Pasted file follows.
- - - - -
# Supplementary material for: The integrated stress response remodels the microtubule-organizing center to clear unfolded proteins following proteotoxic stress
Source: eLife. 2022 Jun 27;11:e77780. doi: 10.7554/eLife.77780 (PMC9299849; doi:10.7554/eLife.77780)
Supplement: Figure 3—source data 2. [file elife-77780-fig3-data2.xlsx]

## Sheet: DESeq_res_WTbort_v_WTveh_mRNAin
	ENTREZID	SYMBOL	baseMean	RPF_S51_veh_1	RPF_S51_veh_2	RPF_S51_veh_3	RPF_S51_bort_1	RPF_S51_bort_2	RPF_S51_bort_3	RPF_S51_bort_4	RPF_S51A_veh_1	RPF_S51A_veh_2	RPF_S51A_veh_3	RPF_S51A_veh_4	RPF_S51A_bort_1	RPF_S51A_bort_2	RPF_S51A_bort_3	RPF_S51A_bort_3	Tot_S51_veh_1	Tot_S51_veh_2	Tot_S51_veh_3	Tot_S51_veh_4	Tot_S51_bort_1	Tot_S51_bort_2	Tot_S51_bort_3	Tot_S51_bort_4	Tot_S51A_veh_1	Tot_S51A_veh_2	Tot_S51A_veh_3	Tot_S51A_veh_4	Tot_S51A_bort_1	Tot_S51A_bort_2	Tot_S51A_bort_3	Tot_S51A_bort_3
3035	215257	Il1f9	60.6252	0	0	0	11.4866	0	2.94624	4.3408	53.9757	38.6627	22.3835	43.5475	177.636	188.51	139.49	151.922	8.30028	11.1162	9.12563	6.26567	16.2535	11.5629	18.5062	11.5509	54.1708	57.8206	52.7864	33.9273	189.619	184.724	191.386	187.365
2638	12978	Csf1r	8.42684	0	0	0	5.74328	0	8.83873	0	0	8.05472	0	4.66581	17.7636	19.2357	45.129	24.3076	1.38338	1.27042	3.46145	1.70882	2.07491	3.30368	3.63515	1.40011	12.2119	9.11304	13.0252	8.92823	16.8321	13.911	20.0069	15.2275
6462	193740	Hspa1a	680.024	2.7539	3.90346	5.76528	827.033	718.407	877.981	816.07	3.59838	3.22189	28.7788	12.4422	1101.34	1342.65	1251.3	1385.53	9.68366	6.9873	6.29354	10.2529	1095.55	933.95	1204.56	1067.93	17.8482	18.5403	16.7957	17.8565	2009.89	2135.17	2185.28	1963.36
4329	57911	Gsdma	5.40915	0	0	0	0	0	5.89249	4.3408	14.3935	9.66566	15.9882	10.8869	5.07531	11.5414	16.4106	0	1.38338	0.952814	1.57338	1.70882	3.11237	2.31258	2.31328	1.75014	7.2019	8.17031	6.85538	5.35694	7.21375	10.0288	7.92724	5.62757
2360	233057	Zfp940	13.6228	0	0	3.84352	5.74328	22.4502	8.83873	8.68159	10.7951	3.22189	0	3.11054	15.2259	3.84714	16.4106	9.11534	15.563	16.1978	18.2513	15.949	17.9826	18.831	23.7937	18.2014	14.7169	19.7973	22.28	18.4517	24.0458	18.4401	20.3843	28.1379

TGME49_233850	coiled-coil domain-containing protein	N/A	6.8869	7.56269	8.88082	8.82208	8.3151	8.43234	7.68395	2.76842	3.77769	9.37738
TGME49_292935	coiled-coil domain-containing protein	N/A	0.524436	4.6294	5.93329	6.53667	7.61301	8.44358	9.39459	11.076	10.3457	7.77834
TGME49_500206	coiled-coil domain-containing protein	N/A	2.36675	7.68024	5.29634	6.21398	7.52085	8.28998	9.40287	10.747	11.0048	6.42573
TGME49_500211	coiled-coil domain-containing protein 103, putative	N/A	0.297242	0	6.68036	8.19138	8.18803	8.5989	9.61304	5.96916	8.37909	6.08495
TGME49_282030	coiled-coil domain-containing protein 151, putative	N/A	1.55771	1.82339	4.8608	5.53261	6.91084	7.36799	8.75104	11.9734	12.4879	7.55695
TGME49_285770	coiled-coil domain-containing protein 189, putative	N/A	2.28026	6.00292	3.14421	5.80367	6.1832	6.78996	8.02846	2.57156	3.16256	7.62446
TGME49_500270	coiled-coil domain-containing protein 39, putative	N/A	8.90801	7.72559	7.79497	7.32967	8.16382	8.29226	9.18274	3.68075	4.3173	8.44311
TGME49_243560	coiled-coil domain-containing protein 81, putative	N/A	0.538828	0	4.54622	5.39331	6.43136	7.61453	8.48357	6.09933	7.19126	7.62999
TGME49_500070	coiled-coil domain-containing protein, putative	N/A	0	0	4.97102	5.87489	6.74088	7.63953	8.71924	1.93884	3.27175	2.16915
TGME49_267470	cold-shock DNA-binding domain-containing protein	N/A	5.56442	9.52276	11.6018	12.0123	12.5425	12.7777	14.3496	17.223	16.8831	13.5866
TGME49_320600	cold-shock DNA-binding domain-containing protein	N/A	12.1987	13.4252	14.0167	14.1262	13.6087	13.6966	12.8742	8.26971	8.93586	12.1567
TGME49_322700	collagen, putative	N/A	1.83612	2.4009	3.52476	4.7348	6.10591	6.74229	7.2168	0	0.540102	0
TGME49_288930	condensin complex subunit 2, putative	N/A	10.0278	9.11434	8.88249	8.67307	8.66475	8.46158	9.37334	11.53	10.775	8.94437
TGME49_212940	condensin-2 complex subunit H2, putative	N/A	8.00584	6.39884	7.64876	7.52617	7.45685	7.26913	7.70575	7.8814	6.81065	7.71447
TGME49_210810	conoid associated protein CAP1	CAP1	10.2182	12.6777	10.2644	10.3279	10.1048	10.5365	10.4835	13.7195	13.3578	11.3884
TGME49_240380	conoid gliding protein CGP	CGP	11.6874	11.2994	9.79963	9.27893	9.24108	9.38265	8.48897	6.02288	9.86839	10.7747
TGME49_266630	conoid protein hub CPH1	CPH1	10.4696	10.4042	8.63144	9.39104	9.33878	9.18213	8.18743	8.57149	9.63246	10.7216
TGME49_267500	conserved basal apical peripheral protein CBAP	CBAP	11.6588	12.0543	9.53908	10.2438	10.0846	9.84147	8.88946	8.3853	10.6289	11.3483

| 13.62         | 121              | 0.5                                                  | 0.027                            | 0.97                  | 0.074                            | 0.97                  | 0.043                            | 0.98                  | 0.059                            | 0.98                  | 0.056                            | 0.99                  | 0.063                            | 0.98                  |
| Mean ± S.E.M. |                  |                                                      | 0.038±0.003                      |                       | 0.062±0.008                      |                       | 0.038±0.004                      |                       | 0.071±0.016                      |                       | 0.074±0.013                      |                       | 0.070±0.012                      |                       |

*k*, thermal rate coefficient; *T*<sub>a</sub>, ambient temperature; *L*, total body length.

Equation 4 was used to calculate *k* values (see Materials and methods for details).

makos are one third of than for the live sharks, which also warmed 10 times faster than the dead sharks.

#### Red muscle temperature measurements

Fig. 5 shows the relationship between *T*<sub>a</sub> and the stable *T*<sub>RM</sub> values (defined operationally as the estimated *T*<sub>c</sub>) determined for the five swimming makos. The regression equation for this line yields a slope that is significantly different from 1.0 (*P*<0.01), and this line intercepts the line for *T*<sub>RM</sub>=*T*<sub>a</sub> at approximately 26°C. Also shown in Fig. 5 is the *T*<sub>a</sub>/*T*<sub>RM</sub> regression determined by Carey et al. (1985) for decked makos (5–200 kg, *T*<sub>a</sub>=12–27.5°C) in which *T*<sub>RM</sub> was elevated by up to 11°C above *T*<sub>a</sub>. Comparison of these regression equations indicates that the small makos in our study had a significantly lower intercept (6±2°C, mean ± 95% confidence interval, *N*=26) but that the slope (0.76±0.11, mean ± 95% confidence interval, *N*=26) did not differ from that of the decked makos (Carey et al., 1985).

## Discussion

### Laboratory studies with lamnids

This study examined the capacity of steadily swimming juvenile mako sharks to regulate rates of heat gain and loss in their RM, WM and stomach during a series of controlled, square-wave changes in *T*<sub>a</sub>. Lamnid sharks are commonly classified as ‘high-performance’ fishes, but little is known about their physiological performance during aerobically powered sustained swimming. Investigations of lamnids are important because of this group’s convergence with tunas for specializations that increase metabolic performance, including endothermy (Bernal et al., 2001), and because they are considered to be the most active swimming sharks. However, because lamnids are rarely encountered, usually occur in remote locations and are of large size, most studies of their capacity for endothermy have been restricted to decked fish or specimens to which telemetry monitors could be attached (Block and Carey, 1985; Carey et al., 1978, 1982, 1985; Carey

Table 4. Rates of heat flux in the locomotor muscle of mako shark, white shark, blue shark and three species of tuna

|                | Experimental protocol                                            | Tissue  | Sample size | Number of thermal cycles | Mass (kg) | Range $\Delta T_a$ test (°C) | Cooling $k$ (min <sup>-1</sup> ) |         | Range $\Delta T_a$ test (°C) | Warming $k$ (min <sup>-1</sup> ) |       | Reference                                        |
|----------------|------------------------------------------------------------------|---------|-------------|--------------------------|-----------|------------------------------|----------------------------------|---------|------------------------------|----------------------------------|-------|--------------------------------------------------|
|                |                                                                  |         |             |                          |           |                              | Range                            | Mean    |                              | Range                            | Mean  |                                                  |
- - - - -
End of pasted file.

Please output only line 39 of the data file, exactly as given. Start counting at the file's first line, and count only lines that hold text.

Table 4. Rates of heat flux in the locomotor muscle of mako shark, white shark, blue shark and three species of tuna